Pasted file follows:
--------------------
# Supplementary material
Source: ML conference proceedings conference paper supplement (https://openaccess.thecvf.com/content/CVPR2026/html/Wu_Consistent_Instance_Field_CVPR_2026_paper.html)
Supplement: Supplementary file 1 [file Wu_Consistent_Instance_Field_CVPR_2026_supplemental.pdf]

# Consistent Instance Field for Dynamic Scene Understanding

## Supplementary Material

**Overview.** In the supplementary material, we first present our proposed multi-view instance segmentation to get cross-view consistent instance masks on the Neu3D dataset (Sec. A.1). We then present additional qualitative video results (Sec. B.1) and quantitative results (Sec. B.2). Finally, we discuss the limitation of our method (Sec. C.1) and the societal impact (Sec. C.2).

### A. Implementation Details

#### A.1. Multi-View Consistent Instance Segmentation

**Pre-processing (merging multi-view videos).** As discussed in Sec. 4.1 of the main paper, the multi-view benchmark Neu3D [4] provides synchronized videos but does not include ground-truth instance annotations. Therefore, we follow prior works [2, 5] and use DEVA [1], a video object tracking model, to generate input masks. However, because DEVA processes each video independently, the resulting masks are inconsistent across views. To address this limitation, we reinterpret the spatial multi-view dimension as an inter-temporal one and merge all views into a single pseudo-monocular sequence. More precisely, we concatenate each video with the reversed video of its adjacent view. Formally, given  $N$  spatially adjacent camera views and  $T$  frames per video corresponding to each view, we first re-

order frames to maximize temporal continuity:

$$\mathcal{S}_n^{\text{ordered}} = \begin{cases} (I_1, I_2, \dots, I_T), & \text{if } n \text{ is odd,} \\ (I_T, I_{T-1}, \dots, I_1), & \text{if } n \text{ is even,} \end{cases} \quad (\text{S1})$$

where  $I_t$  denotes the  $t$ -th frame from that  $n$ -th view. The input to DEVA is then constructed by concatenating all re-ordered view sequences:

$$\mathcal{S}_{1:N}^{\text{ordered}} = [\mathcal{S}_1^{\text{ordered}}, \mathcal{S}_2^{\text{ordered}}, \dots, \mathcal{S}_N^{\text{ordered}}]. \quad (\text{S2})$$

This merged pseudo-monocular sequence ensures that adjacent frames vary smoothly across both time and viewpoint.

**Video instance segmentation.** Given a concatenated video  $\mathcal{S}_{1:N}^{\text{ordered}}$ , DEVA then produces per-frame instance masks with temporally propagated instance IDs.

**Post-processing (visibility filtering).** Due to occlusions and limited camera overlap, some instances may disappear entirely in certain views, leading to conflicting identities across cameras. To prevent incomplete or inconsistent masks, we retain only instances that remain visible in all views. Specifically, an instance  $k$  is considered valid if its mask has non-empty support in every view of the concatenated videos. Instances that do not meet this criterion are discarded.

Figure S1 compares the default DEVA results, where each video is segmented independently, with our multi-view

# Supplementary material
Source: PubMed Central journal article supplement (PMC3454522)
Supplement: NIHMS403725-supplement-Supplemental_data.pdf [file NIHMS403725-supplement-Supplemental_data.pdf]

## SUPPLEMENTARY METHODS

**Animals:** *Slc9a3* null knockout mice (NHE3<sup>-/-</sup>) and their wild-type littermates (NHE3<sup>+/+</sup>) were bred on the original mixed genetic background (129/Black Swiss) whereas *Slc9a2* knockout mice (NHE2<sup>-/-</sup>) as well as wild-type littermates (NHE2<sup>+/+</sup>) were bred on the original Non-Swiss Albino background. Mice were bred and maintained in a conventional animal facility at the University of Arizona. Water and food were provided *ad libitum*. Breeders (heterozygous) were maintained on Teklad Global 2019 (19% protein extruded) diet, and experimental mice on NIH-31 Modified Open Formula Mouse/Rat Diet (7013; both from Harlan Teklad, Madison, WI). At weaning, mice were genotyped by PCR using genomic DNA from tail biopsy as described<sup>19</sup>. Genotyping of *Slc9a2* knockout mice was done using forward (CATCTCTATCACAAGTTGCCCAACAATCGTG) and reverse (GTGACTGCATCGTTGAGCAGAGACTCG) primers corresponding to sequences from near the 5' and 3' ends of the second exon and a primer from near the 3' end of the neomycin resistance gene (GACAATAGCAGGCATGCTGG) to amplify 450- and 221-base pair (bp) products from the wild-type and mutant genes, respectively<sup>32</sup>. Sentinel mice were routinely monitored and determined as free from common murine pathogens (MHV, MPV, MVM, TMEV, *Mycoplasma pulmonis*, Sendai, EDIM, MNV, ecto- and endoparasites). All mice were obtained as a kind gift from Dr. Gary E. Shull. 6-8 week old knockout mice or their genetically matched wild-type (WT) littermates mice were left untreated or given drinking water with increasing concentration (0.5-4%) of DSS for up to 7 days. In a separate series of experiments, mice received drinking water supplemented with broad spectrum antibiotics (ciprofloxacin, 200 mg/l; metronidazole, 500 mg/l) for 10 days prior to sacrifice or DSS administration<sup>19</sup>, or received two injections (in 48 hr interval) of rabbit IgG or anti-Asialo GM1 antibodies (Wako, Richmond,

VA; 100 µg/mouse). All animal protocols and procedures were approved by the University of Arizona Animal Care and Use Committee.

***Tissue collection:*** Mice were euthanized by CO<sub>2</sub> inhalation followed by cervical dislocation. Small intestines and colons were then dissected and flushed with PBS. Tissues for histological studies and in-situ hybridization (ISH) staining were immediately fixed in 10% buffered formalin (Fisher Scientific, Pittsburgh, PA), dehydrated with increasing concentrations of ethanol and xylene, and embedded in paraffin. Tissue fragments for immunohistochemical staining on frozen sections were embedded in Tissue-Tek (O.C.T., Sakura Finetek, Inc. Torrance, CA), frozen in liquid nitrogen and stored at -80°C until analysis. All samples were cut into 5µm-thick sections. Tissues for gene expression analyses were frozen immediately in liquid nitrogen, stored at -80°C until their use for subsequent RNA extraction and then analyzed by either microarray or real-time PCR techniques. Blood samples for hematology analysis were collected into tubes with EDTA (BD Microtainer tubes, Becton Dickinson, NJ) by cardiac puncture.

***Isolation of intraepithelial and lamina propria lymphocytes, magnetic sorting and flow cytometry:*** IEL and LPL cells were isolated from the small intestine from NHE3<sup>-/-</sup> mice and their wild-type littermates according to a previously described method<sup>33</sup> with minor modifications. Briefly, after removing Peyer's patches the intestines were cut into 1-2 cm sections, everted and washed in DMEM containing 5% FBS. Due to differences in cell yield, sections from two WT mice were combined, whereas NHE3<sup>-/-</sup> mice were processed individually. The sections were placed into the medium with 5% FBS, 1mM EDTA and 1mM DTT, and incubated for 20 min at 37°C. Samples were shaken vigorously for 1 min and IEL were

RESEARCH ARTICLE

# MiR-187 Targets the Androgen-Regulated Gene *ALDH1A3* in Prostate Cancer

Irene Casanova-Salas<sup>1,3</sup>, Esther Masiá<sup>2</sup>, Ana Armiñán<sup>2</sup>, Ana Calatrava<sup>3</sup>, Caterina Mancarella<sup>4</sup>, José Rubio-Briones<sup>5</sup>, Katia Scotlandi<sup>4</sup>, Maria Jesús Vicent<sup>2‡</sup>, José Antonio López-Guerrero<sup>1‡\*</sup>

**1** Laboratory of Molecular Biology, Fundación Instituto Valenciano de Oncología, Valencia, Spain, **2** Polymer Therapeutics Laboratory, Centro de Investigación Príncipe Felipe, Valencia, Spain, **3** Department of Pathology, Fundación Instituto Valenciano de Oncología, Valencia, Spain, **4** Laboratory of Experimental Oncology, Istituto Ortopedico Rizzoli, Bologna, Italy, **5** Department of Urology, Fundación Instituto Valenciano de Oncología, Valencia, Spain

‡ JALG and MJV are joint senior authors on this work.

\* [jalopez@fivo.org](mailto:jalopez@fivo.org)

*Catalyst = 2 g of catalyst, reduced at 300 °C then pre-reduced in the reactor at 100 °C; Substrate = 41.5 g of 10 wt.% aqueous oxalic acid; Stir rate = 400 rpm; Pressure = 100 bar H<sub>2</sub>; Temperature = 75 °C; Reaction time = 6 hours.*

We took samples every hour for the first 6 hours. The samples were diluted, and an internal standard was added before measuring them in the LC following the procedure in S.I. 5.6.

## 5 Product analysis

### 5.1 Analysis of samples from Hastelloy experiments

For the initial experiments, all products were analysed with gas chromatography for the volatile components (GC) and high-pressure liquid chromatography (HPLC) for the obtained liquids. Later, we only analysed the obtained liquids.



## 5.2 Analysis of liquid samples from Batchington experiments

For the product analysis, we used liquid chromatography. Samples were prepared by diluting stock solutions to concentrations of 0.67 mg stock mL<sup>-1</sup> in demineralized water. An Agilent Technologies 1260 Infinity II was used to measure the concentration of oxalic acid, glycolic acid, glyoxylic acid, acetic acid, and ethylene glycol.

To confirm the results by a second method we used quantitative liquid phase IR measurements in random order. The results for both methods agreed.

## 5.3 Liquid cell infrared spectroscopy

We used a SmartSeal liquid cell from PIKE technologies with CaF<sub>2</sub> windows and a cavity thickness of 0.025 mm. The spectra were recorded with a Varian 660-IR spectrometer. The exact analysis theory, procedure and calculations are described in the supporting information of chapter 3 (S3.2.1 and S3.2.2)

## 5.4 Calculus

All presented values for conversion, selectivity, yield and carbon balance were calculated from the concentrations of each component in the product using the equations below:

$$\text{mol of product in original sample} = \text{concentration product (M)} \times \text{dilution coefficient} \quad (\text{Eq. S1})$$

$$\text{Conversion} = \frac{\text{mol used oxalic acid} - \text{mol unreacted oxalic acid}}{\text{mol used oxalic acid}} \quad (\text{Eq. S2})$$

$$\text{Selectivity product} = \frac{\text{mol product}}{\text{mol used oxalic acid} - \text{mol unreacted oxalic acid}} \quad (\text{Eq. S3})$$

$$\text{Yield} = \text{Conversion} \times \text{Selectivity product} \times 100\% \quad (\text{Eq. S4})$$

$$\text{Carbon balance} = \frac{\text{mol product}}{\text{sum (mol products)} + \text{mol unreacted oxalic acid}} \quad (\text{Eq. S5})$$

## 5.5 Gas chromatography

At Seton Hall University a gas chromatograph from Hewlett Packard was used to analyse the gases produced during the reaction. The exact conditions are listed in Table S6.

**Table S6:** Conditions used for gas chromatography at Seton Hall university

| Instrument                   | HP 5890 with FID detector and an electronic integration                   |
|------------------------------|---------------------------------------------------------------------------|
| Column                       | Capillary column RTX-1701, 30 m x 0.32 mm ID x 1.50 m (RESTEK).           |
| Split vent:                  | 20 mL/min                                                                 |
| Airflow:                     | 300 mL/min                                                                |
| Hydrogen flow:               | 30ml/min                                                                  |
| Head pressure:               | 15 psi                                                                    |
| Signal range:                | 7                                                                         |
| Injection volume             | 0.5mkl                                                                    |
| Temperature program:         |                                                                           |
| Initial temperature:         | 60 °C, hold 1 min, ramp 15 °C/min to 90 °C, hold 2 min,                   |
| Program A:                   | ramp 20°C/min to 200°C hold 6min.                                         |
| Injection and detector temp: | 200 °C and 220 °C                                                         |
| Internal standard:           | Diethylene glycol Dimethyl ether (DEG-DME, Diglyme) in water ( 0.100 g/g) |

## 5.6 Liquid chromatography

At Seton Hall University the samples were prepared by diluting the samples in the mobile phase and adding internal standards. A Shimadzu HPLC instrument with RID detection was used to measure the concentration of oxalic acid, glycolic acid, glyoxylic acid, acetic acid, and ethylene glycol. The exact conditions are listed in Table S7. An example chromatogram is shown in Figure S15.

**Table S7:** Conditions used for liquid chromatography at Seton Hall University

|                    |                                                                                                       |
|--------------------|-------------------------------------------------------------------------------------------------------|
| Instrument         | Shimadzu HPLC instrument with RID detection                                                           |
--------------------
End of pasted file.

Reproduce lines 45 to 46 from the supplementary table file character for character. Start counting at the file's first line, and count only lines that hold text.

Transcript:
$$\text{Conversion} = \frac{\text{mol used oxalic acid} - \text{mol unreacted oxalic acid}}{\text{mol used oxalic acid}} \quad (\text{Eq. S2})$$

$$\text{Selectivity product} = \frac{\text{mol product}}{\text{mol used oxalic acid} - \text{mol unreacted oxalic acid}} \quad (\text{Eq. S3})$$